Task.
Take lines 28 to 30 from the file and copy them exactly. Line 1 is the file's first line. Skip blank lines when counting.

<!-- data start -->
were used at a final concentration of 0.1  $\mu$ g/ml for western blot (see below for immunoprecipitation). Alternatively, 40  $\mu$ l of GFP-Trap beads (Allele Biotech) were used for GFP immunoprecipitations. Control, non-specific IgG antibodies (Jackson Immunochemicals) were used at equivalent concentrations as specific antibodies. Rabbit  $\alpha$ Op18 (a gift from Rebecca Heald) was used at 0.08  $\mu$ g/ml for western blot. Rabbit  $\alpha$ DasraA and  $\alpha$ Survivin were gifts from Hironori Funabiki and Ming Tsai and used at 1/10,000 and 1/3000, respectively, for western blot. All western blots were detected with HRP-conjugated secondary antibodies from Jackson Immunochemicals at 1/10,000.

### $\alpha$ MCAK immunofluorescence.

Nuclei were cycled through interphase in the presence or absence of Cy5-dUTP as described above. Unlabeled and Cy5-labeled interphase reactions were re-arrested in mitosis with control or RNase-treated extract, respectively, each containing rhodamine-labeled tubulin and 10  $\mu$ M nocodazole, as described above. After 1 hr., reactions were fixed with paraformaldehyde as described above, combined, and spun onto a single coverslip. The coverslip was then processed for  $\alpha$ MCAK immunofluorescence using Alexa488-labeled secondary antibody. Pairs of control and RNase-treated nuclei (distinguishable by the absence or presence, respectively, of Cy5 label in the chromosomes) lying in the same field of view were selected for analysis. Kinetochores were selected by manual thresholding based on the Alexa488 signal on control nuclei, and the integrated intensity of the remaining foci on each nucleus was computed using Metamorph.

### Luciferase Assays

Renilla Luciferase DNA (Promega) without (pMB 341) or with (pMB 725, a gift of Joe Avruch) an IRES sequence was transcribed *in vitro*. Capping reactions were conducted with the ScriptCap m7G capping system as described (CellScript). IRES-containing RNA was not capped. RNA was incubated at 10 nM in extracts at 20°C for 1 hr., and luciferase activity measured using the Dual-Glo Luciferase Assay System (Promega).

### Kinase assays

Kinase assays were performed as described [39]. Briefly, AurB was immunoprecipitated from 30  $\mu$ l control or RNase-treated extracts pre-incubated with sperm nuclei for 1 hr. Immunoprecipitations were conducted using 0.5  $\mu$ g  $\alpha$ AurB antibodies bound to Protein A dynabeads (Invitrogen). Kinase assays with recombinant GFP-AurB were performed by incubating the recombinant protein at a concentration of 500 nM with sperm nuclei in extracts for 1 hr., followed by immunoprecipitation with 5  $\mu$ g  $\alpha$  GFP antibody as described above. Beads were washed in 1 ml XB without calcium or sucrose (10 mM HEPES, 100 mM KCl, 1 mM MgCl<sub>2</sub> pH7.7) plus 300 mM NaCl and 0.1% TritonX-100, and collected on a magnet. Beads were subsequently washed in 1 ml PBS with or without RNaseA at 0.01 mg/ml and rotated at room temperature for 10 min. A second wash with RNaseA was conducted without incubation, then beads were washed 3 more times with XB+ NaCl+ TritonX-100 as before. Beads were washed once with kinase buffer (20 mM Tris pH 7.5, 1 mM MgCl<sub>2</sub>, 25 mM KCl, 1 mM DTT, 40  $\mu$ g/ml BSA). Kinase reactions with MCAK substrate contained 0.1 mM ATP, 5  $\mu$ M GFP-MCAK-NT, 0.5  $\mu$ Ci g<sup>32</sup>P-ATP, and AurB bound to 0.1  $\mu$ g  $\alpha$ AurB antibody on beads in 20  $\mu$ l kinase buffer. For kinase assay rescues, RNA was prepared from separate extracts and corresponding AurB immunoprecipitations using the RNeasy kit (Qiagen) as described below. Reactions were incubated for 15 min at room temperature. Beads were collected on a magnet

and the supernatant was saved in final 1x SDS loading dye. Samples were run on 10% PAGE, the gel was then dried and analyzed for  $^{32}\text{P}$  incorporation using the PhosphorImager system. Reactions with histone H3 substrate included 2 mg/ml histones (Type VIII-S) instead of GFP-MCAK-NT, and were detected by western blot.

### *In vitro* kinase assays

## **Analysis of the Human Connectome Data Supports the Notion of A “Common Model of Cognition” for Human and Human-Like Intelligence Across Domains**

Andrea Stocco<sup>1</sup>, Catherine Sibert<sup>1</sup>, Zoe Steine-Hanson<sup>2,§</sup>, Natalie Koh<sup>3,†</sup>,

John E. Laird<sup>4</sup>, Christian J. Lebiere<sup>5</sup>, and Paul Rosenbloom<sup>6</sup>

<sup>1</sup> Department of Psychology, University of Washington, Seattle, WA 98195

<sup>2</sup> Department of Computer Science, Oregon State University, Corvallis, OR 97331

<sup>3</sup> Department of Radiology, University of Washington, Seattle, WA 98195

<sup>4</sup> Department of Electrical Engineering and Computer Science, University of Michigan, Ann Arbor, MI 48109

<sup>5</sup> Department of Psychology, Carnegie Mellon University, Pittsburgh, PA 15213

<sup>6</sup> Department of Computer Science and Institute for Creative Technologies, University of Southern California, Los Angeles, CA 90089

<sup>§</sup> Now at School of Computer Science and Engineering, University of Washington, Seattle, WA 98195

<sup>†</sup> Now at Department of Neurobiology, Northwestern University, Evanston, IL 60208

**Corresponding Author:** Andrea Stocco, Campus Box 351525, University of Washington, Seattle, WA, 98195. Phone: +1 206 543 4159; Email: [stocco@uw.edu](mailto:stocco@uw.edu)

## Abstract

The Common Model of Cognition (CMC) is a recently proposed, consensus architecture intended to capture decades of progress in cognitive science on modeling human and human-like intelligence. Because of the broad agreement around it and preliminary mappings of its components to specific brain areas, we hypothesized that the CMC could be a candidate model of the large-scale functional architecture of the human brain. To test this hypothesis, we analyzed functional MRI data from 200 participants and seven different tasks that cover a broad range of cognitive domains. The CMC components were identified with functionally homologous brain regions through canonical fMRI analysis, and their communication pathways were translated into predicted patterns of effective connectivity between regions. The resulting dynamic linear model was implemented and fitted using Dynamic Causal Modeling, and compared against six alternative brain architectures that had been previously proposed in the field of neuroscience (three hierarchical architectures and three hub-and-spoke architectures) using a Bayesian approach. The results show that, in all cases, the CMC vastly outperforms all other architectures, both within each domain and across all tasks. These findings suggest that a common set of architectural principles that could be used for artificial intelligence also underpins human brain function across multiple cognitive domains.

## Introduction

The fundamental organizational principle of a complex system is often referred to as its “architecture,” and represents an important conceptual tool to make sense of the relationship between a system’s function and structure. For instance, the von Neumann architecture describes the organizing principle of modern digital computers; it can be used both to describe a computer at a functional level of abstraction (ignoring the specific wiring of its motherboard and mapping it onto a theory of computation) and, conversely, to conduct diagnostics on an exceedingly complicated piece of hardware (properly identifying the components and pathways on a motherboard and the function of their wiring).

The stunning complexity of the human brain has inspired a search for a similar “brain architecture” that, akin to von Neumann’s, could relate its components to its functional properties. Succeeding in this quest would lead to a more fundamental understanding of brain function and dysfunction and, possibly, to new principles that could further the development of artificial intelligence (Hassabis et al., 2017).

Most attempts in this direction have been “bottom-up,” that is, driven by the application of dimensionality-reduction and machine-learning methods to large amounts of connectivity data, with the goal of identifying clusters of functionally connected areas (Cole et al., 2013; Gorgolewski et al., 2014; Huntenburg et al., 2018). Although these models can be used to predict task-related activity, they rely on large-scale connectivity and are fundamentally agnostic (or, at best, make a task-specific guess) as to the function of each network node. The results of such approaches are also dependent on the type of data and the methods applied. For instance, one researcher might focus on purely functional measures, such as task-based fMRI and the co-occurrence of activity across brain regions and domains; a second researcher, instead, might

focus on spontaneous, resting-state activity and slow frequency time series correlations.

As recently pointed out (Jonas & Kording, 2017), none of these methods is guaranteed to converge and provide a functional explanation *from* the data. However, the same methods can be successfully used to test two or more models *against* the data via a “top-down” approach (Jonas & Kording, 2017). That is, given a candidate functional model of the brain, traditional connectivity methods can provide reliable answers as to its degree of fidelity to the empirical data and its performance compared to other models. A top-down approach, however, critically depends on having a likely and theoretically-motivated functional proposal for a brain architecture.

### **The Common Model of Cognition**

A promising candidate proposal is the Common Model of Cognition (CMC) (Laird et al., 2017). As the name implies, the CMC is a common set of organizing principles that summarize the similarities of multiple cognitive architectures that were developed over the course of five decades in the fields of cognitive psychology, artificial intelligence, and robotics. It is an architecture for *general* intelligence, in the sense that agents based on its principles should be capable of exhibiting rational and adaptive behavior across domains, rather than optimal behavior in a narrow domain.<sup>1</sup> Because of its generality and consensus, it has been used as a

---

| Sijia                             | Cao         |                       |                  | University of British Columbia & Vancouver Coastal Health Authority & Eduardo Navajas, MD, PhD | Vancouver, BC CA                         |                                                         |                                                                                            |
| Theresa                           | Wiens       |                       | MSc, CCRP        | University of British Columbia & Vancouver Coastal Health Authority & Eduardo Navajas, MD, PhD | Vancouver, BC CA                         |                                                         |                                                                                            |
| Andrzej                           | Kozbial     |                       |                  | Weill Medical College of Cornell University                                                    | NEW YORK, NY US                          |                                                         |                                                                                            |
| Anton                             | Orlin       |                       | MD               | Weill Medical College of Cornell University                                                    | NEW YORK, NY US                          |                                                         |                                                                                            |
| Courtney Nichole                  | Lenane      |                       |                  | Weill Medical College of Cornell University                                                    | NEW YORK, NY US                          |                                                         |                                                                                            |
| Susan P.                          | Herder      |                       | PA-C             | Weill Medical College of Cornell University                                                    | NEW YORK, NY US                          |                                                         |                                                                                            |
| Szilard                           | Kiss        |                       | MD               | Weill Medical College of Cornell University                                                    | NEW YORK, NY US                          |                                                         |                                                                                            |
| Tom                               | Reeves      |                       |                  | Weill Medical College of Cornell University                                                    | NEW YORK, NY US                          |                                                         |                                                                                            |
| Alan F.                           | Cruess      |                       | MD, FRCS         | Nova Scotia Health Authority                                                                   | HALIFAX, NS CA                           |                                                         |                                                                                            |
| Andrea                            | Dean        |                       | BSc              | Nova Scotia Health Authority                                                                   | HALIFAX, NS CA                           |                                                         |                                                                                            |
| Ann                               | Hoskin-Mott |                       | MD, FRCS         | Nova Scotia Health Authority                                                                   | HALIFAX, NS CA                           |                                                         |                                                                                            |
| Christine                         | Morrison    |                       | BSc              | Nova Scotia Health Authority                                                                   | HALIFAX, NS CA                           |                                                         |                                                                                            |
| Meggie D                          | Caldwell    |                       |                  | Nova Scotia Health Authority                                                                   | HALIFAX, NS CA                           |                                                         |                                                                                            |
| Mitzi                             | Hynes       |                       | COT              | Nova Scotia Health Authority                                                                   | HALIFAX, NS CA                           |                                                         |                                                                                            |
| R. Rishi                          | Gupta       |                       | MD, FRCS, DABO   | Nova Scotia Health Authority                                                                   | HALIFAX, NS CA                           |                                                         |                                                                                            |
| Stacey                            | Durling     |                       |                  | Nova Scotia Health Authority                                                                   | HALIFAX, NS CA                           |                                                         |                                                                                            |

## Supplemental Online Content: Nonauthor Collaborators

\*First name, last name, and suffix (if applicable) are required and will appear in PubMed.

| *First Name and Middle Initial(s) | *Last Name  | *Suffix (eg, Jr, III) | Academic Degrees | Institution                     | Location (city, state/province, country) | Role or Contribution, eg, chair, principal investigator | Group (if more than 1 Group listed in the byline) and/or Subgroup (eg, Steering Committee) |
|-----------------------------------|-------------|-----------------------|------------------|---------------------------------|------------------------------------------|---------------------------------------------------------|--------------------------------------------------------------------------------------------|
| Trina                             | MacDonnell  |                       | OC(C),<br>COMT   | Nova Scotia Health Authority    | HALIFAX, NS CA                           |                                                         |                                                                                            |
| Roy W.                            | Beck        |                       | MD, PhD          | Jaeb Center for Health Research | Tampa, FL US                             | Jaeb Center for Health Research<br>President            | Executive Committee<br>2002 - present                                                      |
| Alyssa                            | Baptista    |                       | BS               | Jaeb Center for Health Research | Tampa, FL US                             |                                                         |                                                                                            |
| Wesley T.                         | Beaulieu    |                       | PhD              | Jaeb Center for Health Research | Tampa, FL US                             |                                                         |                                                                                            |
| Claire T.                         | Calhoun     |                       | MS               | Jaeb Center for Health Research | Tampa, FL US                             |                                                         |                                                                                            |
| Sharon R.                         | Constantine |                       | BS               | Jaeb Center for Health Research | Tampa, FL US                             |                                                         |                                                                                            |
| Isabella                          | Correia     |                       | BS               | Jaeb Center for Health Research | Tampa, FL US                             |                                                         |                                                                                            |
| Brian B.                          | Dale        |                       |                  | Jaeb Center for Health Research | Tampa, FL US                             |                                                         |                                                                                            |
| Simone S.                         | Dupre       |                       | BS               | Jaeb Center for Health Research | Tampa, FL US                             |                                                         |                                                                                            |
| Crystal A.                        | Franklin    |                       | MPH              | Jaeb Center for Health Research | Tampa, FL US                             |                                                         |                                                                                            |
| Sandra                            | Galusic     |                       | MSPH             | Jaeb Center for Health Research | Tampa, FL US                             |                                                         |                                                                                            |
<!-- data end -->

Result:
focus on spontaneous, resting-state activity and slow frequency time series correlations.

As recently pointed out (Jonas & Kording, 2017), none of these methods is guaranteed to converge and provide a functional explanation *from* the data. However, the same methods can be successfully used to test two or more models *against* the data via a “top-down” approach (Jonas & Kording, 2017). That is, given a candidate functional model of the brain, traditional connectivity methods can provide reliable answers as to its degree of fidelity to the empirical data and its performance compared to other models. A top-down approach, however, critically depends on having a likely and theoretically-motivated functional proposal for a brain architecture.

### **The Common Model of Cognition**